Sunday, January 17, 2010

Commodity voice, commoditizing data

Monday is when the new mobile phone pricing by Verizon Wireless and AT&T take effect. As has been remarked, the net effect is cut to prices on unlimited voice plans to $70/month while forcing more customers to buy data plans.

While Americans (unlike say Japanese) have been used to “all you can eat” wireline service for generations, it is instructive as to how long it has taken for the commoditization of voice to finally impact the major players.

Voice: From Premium to Commodity

When I started researching the cellphone industry in 1996, there were no national carriers and two operators in each city. The CDMA carriers were still fragmented into regional carriers: AirTouch (an independent company), GTE Mobilnet, Bell Atlantic Nynex Mobile — and what became Cingular was equally fragmented between AT&T (the former McCaw Cellular), Bell South and Southwestern Bell. Sprint was just starting its efforts to build a national network, and VoiceStream was 4 years away from becoming the US subsidiary of T-Mobile.

I was shocked when in 1997 a wireless entrepreneur told me how cheap minutes were the wave of the future, thanks to new cellular licenses and the increased spectral efficiency of CDMA carriers.

His plan was to buy minutes in bulk from a hungry new entrant — originally NextWave but then later Sprint — and resell them in bulk to companies. Instead of the standard $1/minute fee, corporations would buy bundles of minutes at the dirt cheap price of 20¢/minute if would only subscribe to 1,000 phones.

Founded by Qualcomm alumni, NextWave lurched slowly and painfully towards its 1998 bankruptcy when it couldn’t raise money to launch a network and the FCC sought to bypass bankruptcy law and seize unpaid spectrum.

In 1998, Qualcomm spun off its cellular licenses into Leap Wireless, which by 2001 had 1 million customers for its all-you-can-eat plan under the Cricket Wireless brand. Beginning in 2002, its eventual frenemy Metro PCS copied its business model, raised more money, and made several unsuccessful offers to buy its rival. By gradually building out individual markets, the two carriers have won 11 million flat rate subscribers (about 4% of the US market).

For a while, the Big Six (later Big Four) carriers were able to increase revenues by increasing market penetration, as the number of US cellular subscribers tripled over the past decade. However, growth has slowed recently with penetration up only about 15% in the past three years. Thus, with their networks built out, in Feb. 2008 the Big Four all decided to offer their own flat rate plans at $100/month.

Coercing Premium Data Adoption

The next great hope for ARPU growth was and is data. Whether lousy devices, content or pricing, the adoption was very slow — until the iPhone was released in mid-2007. (I was reminded of this when reviewing the page proofs of my iPhone paper.)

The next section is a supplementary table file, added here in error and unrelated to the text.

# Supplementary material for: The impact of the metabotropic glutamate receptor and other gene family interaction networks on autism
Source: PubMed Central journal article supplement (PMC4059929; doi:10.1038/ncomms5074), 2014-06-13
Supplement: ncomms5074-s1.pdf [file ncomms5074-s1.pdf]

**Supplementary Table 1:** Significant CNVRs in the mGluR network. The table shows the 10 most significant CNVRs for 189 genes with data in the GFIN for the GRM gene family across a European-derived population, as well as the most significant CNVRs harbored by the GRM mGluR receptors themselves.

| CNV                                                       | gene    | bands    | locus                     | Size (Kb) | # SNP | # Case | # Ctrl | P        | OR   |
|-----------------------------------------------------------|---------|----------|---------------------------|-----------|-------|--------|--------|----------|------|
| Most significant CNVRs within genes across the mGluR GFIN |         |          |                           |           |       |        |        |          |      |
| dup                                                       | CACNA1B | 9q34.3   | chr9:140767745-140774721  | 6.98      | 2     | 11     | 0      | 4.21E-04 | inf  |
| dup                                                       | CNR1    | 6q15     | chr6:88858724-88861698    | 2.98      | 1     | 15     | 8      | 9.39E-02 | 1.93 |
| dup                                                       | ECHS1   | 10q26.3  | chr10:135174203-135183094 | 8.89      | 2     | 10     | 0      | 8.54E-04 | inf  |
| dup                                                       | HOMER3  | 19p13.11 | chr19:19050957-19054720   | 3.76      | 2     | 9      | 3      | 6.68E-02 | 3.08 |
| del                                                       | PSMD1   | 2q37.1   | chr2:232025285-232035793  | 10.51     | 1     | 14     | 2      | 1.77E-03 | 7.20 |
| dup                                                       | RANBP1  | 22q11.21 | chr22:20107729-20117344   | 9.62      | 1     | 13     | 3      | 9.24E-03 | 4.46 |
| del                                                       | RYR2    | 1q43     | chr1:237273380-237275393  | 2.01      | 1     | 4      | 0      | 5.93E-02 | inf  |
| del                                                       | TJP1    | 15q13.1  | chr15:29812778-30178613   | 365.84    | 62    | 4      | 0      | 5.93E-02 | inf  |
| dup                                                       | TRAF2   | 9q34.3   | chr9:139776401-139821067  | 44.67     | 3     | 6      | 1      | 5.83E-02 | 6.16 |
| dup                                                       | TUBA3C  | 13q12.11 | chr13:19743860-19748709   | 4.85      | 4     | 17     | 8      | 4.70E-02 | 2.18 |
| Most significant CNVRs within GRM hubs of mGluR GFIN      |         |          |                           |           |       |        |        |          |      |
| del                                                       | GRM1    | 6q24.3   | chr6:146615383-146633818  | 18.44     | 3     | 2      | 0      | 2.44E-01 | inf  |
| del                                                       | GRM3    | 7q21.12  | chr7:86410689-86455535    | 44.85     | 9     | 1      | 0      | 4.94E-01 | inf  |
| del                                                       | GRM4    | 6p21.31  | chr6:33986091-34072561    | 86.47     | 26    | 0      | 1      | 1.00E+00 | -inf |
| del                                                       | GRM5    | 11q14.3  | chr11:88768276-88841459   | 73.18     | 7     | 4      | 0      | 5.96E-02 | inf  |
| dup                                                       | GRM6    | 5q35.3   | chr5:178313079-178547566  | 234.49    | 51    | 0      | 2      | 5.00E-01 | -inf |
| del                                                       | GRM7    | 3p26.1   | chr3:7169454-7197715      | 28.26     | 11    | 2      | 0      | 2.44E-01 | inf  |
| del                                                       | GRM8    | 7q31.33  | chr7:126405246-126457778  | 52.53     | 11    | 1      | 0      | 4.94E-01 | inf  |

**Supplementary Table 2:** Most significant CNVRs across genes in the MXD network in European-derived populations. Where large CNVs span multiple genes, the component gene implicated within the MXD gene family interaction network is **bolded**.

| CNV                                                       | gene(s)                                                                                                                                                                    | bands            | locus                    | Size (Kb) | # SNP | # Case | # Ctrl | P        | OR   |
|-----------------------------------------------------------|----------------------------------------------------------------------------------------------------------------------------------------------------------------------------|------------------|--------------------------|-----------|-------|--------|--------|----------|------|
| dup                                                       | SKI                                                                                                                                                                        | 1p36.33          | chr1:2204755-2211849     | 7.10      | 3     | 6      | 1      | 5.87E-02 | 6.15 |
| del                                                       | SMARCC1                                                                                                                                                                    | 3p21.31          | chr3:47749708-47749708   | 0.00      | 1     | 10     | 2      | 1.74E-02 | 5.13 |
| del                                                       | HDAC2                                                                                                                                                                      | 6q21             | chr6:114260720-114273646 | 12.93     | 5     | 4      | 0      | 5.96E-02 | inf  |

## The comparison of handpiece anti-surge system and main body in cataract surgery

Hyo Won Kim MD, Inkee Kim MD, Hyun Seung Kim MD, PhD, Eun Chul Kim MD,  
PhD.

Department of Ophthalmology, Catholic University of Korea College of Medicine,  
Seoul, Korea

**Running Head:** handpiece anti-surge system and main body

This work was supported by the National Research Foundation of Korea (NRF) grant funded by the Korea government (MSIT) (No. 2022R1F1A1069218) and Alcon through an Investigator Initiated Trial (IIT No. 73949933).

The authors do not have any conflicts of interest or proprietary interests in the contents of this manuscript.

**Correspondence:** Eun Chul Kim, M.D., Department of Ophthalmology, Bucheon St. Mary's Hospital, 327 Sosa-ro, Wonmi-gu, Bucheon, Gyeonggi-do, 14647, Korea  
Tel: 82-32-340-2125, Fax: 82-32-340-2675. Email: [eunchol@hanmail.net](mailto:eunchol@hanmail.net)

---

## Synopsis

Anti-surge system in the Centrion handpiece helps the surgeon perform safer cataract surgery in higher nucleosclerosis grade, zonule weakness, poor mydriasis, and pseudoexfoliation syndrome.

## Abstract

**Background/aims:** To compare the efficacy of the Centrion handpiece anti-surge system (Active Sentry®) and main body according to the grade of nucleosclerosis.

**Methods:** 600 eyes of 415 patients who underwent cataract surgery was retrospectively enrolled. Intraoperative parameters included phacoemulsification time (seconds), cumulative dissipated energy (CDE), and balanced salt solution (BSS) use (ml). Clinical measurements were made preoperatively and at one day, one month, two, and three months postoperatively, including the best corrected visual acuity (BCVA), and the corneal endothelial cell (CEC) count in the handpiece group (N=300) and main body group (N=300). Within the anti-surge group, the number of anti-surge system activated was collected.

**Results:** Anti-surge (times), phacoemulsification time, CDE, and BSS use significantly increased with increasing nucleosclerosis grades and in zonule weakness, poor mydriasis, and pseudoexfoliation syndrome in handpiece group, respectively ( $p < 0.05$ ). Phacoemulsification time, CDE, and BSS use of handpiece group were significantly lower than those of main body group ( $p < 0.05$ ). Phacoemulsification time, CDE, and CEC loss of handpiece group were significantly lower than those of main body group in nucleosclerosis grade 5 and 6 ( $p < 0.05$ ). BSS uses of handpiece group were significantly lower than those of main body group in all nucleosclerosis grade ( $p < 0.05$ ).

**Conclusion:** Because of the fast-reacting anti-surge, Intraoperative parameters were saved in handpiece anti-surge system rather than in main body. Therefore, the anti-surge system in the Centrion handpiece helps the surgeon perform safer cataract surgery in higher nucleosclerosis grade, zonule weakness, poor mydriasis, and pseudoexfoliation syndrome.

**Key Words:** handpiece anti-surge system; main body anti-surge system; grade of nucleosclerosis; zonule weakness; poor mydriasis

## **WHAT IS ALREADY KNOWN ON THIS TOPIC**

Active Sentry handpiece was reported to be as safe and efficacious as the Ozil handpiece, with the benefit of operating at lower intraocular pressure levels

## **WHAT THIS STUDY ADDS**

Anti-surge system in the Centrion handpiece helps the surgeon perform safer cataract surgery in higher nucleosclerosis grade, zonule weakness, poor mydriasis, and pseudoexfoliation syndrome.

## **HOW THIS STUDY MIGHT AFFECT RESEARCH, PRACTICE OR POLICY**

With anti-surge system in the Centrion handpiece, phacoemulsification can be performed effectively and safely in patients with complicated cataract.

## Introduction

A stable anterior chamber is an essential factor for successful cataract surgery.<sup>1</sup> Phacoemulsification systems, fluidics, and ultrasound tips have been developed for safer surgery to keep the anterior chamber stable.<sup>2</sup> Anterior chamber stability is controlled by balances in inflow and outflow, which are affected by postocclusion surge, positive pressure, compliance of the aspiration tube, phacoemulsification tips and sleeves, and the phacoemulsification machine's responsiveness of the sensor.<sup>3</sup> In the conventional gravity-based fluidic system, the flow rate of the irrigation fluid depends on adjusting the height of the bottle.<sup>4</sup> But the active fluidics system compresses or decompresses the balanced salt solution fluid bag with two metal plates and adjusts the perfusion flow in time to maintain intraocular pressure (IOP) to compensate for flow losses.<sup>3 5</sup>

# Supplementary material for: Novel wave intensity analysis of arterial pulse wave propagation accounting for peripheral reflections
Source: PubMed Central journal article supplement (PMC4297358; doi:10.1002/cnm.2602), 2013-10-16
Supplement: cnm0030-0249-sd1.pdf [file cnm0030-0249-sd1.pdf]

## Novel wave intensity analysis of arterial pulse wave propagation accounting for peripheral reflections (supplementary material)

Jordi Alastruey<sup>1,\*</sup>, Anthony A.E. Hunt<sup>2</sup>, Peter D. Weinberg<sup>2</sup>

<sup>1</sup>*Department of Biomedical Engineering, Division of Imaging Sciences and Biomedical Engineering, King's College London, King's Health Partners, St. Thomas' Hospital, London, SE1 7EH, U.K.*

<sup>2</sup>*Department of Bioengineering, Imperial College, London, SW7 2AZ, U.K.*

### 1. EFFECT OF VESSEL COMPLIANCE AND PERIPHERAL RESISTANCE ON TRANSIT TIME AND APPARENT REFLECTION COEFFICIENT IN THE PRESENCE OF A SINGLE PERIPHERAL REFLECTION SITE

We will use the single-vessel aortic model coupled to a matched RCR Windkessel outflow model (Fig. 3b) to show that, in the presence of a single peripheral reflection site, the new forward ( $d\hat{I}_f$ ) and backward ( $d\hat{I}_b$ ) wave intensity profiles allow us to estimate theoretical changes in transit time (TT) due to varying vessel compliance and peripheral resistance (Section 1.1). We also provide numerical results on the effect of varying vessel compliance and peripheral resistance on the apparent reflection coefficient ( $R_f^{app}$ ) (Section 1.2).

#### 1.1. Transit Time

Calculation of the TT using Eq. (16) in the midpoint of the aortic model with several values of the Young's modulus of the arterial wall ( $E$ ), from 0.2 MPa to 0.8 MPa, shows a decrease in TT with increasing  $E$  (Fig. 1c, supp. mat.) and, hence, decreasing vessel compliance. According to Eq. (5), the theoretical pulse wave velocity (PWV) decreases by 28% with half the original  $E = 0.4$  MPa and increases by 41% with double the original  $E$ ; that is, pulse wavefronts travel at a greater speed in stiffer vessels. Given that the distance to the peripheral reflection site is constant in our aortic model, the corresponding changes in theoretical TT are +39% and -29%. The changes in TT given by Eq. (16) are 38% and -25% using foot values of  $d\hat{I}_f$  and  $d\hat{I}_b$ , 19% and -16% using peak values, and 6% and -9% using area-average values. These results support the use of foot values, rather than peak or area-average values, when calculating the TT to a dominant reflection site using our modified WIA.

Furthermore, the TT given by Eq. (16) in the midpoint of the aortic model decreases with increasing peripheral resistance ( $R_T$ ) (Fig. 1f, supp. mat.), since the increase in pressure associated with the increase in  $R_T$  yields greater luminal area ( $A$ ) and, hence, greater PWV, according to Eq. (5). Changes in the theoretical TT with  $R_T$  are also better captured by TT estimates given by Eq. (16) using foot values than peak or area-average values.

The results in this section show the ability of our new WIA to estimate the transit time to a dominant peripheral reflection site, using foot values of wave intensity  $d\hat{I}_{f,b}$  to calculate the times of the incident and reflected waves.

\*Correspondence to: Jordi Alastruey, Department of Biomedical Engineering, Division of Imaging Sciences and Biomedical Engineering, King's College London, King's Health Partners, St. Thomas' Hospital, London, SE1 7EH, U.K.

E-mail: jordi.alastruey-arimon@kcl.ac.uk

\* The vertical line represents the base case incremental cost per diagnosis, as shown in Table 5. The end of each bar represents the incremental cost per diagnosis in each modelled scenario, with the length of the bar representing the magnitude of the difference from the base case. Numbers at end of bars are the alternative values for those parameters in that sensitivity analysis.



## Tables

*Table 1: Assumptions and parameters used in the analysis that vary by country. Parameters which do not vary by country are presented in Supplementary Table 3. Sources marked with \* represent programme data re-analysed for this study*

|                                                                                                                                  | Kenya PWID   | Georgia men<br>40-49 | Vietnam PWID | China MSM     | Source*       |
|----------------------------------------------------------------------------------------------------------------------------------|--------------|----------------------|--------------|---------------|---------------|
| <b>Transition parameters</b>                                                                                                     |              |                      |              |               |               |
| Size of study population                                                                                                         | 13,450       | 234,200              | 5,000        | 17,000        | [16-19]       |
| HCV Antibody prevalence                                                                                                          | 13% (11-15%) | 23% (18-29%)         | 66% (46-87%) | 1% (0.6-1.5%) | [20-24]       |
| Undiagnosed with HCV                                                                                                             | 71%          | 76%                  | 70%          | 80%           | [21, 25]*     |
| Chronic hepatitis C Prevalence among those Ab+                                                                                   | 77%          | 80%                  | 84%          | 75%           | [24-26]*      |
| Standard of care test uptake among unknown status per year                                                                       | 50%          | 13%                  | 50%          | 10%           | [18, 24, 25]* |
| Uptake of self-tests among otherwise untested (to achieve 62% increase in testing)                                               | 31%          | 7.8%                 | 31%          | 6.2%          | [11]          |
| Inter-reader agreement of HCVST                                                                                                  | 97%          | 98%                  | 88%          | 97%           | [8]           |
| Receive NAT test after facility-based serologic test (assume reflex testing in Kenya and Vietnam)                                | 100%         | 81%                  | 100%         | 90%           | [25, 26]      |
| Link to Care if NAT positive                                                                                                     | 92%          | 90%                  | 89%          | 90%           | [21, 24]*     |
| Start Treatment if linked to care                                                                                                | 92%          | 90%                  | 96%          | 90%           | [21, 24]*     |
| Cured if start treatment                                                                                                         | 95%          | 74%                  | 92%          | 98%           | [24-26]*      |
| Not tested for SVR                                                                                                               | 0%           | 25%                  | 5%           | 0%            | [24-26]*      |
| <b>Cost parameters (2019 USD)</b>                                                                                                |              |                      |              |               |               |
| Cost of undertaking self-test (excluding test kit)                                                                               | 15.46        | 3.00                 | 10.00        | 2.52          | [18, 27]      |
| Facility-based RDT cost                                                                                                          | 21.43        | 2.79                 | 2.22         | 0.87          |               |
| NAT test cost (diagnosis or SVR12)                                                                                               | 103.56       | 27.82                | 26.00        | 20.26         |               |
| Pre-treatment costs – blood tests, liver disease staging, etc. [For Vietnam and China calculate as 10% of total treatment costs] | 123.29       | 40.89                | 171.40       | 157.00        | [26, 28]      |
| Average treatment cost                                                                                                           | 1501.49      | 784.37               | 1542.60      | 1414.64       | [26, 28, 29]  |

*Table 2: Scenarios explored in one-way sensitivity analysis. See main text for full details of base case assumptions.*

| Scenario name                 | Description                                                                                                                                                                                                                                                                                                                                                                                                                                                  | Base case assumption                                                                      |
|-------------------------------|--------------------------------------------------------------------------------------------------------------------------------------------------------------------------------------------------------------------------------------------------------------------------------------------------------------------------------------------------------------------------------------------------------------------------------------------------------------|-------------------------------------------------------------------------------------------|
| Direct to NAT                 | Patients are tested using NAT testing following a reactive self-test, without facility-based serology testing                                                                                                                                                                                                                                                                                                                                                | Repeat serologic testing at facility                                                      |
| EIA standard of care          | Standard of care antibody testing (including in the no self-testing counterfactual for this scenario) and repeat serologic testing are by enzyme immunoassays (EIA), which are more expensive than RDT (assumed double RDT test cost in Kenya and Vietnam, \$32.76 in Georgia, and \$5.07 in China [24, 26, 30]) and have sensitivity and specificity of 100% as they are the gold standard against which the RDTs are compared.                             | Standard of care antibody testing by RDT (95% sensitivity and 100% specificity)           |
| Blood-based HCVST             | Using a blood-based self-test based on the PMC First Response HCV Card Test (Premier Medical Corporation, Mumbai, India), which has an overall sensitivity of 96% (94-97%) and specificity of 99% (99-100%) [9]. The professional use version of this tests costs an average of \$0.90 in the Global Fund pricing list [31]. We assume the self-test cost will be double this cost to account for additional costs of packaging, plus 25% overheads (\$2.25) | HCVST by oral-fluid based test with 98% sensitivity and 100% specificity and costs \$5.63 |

The iPhone and its imitators have been fueling data adoption for the past three years. An estimated 25 million iPhone users added to ATT’s network in 2009 — about half of AT&T’s net new subscribers — have given AT&T both additional revenues and pushed its network to the breaking point.

Still, since the iPhone introduction AT&T, Verizon and others seem to be adding handsets by requiring $30+ monthly data plans with fancy handsets rather than waiting for people to request them. But expecting $100 for voice and data out of every man woman and child is not a mass market strategy — it’s a niche, cream-skimming strategy.

However, to make data a mass-market item will require that operators solve the problem that they don’t have enough spectrum to deliver the “all you can eat” they’ve been selling. Finite bundles of data megabytes are going to last longer than bundles of voice minutes.

Over the next two or three years, the Big Two will use data as premium-priced ARPU booster, while Sprint and T-Mobile will be torn between maintaining margins and undercutting their rivals to gain share. T-Mobile is lagging on network development, while Sprint hopes that its early risky bet on WiMax will give it data capacity before its rivals deploy LTE networks.

I think the idea of linking smartphones to data will go first, perhaps as soon as next year (at least by Sprint or T-Mobile). The Google Nexus One is the first step in this direction, but the flood of Android devices (plus Palm’s death throes with WebOS) will mean that if Apple and Motorola are not interested in commoditizing devices, other firms will. More in my next post.

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